PR: I think it is really important, especially at this time when we have not only an opportunity but a responsibility to get involved from a diversity standpoint. If we are not creating a world that has the culture that we want, we are sitting back and letting the culture of today be recreated and that’s a scary thought. I encourage all of you who are in this room and part of the diversity sector to really step up and know it’s not just about you.
Mariam, you mentioned that you are on the design research team. How did you and your team think about diversity when it comes to both researching for the product and then designing Earnest products?
MK: For most products, if not every product at Earnest, we start with research. We recently launched our private student loan and the first step was to recruit a bunch of folks and learn what they think of lending and money by talking with them. Diversity in the people we recruit is very important. We want to make sure that the people that you’re interviewing don’t all have the same experience and background. Every time you do research for a feature or a product, we make sure we have age, gender, and geographic diversity.
What’s your experience been with mentoring others or being mentored? Can you speak about an example or generally how has that played a part in your career?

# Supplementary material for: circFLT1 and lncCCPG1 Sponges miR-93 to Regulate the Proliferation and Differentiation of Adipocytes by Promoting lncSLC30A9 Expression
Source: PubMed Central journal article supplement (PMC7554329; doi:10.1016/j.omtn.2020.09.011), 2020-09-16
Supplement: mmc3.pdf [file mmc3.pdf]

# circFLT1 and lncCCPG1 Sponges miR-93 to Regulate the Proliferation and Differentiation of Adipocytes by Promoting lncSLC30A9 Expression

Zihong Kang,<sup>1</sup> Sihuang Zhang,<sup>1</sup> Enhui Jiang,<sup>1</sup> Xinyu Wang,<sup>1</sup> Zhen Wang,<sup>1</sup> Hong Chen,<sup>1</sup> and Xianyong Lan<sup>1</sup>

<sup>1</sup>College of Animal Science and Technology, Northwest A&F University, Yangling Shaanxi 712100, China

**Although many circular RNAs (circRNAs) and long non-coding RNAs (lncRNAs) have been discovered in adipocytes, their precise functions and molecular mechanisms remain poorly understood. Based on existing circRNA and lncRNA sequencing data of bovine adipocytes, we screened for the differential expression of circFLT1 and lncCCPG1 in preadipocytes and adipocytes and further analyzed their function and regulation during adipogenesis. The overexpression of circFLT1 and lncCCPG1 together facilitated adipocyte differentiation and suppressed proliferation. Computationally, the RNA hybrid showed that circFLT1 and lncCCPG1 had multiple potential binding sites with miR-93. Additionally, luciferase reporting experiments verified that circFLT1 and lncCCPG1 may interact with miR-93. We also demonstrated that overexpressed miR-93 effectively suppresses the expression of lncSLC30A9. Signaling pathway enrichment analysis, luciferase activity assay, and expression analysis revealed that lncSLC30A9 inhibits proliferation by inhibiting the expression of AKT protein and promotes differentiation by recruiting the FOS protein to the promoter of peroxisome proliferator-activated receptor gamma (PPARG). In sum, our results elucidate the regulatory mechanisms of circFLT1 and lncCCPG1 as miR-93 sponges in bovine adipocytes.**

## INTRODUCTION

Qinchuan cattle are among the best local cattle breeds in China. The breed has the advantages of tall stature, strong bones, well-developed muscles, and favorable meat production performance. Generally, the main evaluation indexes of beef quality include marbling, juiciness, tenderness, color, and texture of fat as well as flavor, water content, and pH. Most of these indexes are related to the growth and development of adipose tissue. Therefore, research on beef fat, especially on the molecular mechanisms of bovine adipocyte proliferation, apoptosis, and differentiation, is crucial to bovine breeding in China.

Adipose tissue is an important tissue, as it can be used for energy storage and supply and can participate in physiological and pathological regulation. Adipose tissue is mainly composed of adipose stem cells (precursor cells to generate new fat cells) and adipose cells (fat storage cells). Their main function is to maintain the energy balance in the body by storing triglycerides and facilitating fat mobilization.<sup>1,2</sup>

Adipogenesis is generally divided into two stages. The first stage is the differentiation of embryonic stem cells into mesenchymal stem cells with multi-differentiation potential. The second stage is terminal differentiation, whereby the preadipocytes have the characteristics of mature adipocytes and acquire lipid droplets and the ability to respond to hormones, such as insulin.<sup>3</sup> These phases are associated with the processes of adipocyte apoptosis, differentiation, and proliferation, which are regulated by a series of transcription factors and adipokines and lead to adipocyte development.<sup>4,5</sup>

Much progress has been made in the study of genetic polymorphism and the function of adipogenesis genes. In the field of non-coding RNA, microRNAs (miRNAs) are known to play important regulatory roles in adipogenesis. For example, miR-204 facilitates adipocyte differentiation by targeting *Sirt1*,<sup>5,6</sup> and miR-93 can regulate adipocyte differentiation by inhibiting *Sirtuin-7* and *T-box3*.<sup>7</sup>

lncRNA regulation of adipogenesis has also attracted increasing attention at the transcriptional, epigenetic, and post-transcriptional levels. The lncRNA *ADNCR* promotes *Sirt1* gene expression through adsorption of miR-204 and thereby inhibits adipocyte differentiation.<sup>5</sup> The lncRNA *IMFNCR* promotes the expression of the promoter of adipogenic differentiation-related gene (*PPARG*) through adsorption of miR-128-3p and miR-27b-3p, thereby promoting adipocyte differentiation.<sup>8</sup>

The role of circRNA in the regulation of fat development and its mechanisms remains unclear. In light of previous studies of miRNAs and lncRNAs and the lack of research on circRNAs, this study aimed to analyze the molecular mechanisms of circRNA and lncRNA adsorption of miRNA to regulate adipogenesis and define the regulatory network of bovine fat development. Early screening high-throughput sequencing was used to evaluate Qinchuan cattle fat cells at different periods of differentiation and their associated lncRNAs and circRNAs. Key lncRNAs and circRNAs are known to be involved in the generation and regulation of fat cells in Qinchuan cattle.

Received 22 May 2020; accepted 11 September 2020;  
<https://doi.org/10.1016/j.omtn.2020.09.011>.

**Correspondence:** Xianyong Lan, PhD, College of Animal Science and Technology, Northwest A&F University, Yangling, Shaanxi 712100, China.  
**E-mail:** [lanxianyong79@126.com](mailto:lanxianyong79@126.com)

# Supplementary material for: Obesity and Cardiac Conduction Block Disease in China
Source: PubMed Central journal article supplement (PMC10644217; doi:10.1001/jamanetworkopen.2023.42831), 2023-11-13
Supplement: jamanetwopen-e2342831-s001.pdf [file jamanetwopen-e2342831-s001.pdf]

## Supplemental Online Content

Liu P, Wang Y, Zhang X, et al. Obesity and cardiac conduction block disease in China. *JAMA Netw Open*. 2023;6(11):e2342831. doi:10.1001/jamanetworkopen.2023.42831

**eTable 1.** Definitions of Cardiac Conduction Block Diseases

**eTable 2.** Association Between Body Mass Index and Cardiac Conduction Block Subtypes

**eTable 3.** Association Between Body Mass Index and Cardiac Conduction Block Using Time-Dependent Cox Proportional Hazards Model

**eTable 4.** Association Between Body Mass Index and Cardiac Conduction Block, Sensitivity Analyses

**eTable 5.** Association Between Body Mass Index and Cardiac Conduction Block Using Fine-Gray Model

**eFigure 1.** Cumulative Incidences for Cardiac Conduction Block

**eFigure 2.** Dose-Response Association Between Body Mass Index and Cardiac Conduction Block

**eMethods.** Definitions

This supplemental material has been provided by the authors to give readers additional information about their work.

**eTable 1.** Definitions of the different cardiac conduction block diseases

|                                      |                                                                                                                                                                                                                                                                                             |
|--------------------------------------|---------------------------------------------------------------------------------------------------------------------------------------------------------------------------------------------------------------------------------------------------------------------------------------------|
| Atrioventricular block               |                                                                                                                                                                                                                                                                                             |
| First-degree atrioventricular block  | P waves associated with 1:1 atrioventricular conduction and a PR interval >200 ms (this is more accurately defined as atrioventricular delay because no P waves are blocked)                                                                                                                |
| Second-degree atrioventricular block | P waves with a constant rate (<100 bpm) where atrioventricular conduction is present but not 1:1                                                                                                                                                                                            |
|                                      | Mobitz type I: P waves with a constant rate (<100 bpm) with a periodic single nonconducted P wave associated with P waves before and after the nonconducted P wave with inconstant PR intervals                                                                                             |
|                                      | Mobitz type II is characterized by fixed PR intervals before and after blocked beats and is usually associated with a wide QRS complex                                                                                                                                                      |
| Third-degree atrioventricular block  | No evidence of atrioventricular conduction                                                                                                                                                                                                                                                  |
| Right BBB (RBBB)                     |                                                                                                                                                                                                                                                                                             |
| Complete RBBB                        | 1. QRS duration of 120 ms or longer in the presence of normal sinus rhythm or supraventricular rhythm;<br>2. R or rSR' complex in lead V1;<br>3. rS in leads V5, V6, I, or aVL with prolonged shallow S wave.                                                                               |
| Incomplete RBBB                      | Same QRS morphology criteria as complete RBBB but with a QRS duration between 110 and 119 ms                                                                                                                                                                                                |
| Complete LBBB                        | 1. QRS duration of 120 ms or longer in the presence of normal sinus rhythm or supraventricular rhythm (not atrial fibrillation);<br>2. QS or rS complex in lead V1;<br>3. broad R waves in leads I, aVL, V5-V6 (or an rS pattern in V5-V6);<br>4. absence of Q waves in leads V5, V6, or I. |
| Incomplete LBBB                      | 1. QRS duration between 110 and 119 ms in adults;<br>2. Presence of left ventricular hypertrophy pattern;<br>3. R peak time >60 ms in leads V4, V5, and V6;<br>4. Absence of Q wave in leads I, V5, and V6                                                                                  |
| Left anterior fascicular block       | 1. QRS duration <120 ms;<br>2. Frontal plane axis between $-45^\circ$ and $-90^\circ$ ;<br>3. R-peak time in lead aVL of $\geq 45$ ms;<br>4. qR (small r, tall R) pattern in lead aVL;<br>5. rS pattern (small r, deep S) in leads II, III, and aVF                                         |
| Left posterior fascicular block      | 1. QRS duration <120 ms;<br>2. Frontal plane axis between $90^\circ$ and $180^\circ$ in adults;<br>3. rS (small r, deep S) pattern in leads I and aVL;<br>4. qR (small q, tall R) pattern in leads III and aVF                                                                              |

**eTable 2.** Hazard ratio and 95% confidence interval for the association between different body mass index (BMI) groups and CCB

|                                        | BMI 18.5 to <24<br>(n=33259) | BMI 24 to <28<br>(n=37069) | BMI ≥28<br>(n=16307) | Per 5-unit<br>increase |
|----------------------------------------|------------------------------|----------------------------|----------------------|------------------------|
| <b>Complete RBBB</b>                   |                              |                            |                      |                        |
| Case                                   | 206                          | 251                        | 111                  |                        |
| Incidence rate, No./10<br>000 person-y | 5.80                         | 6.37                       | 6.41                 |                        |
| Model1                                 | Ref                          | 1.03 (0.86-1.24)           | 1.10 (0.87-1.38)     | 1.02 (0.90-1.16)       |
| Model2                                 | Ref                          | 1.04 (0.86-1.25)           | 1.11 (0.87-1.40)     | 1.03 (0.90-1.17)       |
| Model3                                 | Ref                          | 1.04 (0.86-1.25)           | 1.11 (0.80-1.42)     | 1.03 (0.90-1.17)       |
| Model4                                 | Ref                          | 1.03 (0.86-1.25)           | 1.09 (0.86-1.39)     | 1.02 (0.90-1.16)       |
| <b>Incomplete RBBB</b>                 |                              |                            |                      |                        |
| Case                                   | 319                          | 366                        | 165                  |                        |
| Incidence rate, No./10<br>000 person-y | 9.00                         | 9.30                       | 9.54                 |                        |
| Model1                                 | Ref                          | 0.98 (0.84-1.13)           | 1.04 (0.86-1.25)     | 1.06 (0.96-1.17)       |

PR: Typically being a mentor to someone is something that I get a lot out of, so it’s never a one-way situation. The times that I feel I’ve been most effective are when that person really wants to know how to grow their career, but also how to expand their mindset.
MK: It’s my belief that no matter how high up you get, to not only learn to grow your career, but expanding the way you think is always important. When I’m the mentor what has worked really well is when the person comes prepared and with an agenda. It’s about being mindful of the time that someone is investing in you and utilizing it well.
SE: There were definitely points in my career where having a mentor helped. These were people who helped me have the courage to do a thing I didn’t think I was ready for or prepared to do. When I’m a mentor that is what I’m looking to do—encourage and give people the confidence to do something that they want to do and help prepare them for it.
What do you think about policies that make us celebrate diversity and inclusion, like hiring a Head of D&I or having unbiased bias training?
SE: I am a fan of the Rooney Rule approach to things, which is to make sure that you have representation in the panel. I wouldn’t have thought I would have been a fan of unconscious bias training and then we did it at Simple and I found that to be an incredibly eye-opening experience and we were then very deliberate about how we use the learnings that came out of that.
I think that a role like Head of D&I puts the responsibility in a box and makes it one individual’s responsibility, as opposed to a collective responsibility of a leadership team. I don’t have experience with that being as successful for an organization.
If you’d like to join us, we’re hiring.